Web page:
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NNTs for Preventative Interventions

Bandolier presents three examples of numbers-needed-to-treat for preventative interventions, antibiotics in acute otitis media (NNT 7), antibiotics after dog bites (NNT 16) and compression stockings for postoperative DVT (NNT 9).

Interpreting NNTs for prophylactic interventions requires thought. How serious is the event you are trying to prevent. Could it be treated effectively as and when it arises? Does the prophylaxis have any adverse effects? And then there is cost.

Two examples may help, from opposite ends of the spectrum. From the ISIS2 trial, using streptokinase and aspirin after myocardial infarction had an NNT of 20 to prevent 1 death at 5 weeks compared with doing nothing. Here is prophylaxis against a serious event, by definition not treatable if it occurs. The NNT for the adverse effect of haemorrhagic stroke with streptokinase was 1000.

From the less dramatic end of the spectrum is prophylaxis after dog bite. If no prophylactic antibiotics are given any subsequent infection (10%) should be treatable. The NNT for antibiotic prophylaxis was 16, so that only one patient out of 16 receiving prophylaxis actually avoids infection as a result. The other 15 have antibiotics that they did not need, and which may have adverse effects. And then there is cost.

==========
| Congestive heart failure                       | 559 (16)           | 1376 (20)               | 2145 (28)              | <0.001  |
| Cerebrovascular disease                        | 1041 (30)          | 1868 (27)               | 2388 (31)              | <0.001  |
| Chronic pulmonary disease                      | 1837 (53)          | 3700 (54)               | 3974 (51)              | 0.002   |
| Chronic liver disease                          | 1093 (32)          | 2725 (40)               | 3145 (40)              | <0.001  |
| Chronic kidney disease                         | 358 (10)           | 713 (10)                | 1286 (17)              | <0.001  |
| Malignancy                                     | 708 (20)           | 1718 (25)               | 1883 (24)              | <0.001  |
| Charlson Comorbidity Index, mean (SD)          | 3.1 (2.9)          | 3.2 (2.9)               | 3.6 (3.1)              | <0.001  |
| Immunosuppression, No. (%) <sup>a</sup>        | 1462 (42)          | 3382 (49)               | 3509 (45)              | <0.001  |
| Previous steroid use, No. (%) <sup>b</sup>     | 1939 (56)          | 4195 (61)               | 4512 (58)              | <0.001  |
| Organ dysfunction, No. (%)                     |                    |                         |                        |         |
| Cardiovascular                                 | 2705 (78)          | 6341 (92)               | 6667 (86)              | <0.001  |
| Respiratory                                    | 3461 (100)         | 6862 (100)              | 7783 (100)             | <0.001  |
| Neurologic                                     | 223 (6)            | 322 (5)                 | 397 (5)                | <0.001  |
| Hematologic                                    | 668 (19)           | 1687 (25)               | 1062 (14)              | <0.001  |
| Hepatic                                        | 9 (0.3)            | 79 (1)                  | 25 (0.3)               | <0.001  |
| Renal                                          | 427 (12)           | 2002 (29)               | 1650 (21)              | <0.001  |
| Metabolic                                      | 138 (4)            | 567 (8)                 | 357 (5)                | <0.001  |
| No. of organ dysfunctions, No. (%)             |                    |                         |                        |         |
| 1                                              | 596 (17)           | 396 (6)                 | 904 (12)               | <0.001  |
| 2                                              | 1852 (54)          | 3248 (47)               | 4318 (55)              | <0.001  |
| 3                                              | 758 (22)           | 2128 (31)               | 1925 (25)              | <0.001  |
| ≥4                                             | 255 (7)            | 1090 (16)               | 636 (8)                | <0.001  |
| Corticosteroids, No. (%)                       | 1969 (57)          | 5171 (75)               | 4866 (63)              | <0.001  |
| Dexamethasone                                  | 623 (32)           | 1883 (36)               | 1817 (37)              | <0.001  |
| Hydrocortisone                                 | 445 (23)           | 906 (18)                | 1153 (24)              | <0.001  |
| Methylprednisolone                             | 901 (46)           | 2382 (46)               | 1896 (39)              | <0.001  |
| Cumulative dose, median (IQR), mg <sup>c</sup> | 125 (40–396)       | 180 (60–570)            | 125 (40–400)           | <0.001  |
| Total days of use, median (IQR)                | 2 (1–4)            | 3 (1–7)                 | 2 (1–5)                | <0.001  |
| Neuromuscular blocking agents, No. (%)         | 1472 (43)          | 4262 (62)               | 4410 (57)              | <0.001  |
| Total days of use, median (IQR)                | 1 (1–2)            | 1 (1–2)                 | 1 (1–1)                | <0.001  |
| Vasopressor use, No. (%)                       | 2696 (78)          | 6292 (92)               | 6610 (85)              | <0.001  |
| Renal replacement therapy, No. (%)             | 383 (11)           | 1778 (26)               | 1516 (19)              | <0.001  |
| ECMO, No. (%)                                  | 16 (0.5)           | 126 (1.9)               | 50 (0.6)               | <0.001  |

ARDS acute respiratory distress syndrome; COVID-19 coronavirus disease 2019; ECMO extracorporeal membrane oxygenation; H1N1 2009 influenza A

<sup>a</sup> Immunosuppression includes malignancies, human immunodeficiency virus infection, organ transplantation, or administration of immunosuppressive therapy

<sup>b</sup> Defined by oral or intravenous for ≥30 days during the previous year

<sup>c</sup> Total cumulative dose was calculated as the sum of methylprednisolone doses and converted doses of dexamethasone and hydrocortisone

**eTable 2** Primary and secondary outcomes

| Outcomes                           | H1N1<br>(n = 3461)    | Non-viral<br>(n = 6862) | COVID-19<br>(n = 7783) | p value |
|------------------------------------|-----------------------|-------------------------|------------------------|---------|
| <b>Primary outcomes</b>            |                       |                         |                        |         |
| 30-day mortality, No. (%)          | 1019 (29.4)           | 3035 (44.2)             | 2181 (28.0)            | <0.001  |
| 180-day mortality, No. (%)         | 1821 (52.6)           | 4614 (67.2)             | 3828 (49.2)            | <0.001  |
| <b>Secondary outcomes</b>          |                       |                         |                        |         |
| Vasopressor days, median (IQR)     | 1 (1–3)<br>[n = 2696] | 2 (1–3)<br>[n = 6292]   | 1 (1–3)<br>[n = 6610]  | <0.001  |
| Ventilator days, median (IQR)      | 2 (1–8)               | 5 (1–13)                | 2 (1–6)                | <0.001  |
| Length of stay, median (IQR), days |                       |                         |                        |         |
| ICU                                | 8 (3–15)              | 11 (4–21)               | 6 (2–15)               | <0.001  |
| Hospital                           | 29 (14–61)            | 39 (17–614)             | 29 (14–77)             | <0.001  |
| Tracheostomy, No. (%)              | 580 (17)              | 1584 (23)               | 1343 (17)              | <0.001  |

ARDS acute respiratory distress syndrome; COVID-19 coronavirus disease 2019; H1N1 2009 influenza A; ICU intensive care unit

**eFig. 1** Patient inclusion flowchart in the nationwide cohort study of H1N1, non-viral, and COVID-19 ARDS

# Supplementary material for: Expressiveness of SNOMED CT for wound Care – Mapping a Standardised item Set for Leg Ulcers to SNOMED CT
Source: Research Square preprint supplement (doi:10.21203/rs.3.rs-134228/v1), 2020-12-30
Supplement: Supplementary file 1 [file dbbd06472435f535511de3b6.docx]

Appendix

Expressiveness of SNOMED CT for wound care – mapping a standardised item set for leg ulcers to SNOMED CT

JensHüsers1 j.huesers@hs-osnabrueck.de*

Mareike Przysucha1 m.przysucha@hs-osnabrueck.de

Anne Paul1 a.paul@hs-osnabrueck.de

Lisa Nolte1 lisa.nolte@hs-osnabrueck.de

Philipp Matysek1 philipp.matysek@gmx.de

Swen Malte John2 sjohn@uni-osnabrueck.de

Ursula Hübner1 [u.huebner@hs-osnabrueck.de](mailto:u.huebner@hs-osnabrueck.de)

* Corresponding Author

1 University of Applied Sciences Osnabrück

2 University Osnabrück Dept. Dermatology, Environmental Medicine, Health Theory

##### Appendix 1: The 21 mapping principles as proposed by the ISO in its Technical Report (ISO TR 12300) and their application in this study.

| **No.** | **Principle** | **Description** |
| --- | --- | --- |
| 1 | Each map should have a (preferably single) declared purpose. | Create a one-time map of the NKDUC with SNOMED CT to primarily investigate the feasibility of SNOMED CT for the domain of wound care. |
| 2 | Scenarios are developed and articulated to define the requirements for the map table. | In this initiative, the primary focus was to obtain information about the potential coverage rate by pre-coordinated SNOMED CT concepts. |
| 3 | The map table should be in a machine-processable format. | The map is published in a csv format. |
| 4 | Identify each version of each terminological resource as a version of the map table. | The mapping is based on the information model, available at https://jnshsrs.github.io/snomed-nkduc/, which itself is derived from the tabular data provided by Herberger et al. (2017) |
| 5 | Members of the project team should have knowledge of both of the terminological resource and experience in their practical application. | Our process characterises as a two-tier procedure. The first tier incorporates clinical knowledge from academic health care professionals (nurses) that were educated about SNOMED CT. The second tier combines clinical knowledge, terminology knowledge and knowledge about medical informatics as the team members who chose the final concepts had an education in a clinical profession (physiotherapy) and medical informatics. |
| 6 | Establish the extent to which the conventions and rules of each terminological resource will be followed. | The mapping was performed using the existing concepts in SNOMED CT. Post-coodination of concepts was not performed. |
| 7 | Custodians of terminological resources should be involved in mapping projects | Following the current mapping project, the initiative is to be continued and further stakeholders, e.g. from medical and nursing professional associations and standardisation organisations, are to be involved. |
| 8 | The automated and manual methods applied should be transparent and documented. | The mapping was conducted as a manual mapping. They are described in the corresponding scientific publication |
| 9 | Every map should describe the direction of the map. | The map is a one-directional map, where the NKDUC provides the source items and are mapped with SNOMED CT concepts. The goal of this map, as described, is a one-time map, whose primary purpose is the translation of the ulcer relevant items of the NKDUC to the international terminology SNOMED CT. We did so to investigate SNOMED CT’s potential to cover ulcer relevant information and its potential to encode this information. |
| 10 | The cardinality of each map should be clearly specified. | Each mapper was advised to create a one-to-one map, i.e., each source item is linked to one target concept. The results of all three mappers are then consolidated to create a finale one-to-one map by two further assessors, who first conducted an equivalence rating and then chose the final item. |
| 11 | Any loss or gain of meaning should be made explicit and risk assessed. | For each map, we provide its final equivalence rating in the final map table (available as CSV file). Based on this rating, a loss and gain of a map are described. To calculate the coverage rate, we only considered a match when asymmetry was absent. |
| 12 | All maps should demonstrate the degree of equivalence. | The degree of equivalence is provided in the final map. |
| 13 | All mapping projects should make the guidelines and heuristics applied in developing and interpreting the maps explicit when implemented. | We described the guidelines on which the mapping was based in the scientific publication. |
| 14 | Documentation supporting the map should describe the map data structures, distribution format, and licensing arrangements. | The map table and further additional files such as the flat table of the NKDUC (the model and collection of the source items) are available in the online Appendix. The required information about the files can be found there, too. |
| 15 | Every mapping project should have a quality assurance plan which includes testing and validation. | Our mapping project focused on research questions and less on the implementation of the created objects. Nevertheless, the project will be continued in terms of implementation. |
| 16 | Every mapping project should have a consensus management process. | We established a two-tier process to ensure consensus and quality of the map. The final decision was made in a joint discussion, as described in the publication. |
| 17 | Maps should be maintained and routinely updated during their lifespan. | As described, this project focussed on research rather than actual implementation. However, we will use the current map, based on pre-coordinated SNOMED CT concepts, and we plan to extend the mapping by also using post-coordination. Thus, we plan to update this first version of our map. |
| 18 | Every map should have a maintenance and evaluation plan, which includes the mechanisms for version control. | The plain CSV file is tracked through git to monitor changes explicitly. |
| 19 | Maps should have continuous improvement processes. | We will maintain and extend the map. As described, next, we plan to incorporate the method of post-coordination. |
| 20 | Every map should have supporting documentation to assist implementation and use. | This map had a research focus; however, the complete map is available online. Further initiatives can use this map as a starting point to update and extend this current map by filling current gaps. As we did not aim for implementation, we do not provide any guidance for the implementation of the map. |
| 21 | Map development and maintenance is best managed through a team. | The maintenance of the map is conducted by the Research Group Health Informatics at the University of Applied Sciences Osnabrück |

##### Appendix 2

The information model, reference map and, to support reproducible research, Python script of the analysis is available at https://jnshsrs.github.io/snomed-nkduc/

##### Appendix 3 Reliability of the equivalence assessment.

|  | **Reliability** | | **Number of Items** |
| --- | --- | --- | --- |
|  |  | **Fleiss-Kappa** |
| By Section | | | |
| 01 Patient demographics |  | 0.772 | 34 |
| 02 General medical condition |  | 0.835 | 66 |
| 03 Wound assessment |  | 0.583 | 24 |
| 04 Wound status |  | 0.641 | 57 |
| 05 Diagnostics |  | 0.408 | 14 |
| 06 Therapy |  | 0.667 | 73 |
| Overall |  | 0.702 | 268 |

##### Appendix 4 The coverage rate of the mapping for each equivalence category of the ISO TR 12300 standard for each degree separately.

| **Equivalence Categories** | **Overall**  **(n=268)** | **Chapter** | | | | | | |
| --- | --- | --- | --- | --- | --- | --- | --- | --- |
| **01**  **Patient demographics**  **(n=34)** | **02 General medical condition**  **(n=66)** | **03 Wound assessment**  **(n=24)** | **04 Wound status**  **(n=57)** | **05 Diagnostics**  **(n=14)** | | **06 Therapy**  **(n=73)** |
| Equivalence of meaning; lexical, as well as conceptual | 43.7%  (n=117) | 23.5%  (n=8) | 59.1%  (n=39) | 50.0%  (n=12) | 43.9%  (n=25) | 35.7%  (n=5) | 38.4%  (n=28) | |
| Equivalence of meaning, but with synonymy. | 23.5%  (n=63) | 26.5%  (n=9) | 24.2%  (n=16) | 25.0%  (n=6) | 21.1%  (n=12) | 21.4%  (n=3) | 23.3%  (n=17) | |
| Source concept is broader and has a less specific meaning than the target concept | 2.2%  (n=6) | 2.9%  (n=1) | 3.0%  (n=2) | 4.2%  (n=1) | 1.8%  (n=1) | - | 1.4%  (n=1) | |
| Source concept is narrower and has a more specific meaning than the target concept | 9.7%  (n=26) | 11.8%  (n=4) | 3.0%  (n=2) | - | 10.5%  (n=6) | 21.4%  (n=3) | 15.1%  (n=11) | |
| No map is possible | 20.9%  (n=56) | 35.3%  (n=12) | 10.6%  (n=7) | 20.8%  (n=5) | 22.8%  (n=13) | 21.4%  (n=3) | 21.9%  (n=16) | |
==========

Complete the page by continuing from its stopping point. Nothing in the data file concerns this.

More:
The NNTs for prophylactic interventions not only require thought but reinforce the message that NNTs are by definition relative. There is no rule that says that an NNT of 2 is always good and one of 100 is always bad: it depends on the context. A NNT of 20 in a fatal condition could be terrific - one person in 20 could be saved. The same NNT would not be terrific for prevention of postoperative vomiting if accompanied by significant adverse effects.

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